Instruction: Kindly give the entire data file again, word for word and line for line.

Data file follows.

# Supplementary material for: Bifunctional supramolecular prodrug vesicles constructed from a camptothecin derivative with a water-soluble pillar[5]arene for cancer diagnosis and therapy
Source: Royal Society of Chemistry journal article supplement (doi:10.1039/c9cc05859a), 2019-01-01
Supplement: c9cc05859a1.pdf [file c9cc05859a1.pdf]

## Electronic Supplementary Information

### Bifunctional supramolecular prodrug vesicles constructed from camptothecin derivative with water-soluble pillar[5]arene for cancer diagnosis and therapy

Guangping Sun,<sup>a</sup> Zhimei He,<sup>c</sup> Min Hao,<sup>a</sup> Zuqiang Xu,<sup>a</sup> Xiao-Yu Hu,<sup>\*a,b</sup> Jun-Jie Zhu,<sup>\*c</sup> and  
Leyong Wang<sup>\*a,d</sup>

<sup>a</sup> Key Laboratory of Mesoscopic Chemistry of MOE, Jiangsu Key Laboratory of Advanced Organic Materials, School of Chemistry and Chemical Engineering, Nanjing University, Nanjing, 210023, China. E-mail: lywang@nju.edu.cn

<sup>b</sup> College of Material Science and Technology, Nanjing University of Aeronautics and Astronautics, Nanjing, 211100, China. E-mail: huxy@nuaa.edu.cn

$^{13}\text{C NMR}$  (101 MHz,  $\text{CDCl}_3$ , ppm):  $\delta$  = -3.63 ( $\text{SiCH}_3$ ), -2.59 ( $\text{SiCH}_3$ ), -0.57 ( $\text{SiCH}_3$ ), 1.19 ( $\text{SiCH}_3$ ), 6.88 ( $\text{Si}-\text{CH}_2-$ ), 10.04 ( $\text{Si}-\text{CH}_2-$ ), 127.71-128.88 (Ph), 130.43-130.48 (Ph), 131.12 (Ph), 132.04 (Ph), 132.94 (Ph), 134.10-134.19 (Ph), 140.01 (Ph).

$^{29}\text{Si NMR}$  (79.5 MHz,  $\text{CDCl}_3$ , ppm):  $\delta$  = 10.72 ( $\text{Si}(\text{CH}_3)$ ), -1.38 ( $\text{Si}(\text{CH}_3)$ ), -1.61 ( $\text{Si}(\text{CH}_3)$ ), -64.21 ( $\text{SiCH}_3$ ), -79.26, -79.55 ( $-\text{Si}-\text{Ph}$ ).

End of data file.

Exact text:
# Supplementary material for: Bifunctional supramolecular prodrug vesicles constructed from a camptothecin derivative with a water-soluble pillar[5]arene for cancer diagnosis and therapy
Source: Royal Society of Chemistry journal article supplement (doi:10.1039/c9cc05859a), 2019-01-01
Supplement: c9cc05859a1.pdf [file c9cc05859a1.pdf]

## Electronic Supplementary Information

### Bifunctional supramolecular prodrug vesicles constructed from camptothecin derivative with water-soluble pillar[5]arene for cancer diagnosis and therapy

Guangping Sun,<sup>a</sup> Zhimei He,<sup>c</sup> Min Hao,<sup>a</sup> Zuqiang Xu,<sup>a</sup> Xiao-Yu Hu,<sup>\*a,b</sup> Jun-Jie Zhu,<sup>\*c</sup> and  
Leyong Wang<sup>\*a,d</sup>

<sup>a</sup> Key Laboratory of Mesoscopic Chemistry of MOE, Jiangsu Key Laboratory of Advanced Organic Materials, School of Chemistry and Chemical Engineering, Nanjing University, Nanjing, 210023, China. E-mail: lywang@nju.edu.cn

<sup>b</sup> College of Material Science and Technology, Nanjing University of Aeronautics and Astronautics, Nanjing, 211100, China. E-mail: huxy@nuaa.edu.cn

$^{13}\text{C NMR}$  (101 MHz,  $\text{CDCl}_3$ , ppm):  $\delta$  = -3.63 ( $\text{SiCH}_3$ ), -2.59 ( $\text{SiCH}_3$ ), -0.57 ( $\text{SiCH}_3$ ), 1.19 ( $\text{SiCH}_3$ ), 6.88 ( $\text{Si}-\text{CH}_2-$ ), 10.04 ( $\text{Si}-\text{CH}_2-$ ), 127.71-128.88 (Ph), 130.43-130.48 (Ph), 131.12 (Ph), 132.04 (Ph), 132.94 (Ph), 134.10-134.19 (Ph), 140.01 (Ph).

$^{29}\text{Si NMR}$  (79.5 MHz,  $\text{CDCl}_3$ , ppm):  $\delta$  = 10.72 ( $\text{Si}(\text{CH}_3)$ ), -1.38 ( $\text{Si}(\text{CH}_3)$ ), -1.61 ( $\text{Si}(\text{CH}_3)$ ), -64.21 ( $\text{SiCH}_3$ ), -79.26, -79.55 ( $-\text{Si}-\text{Ph}$ ).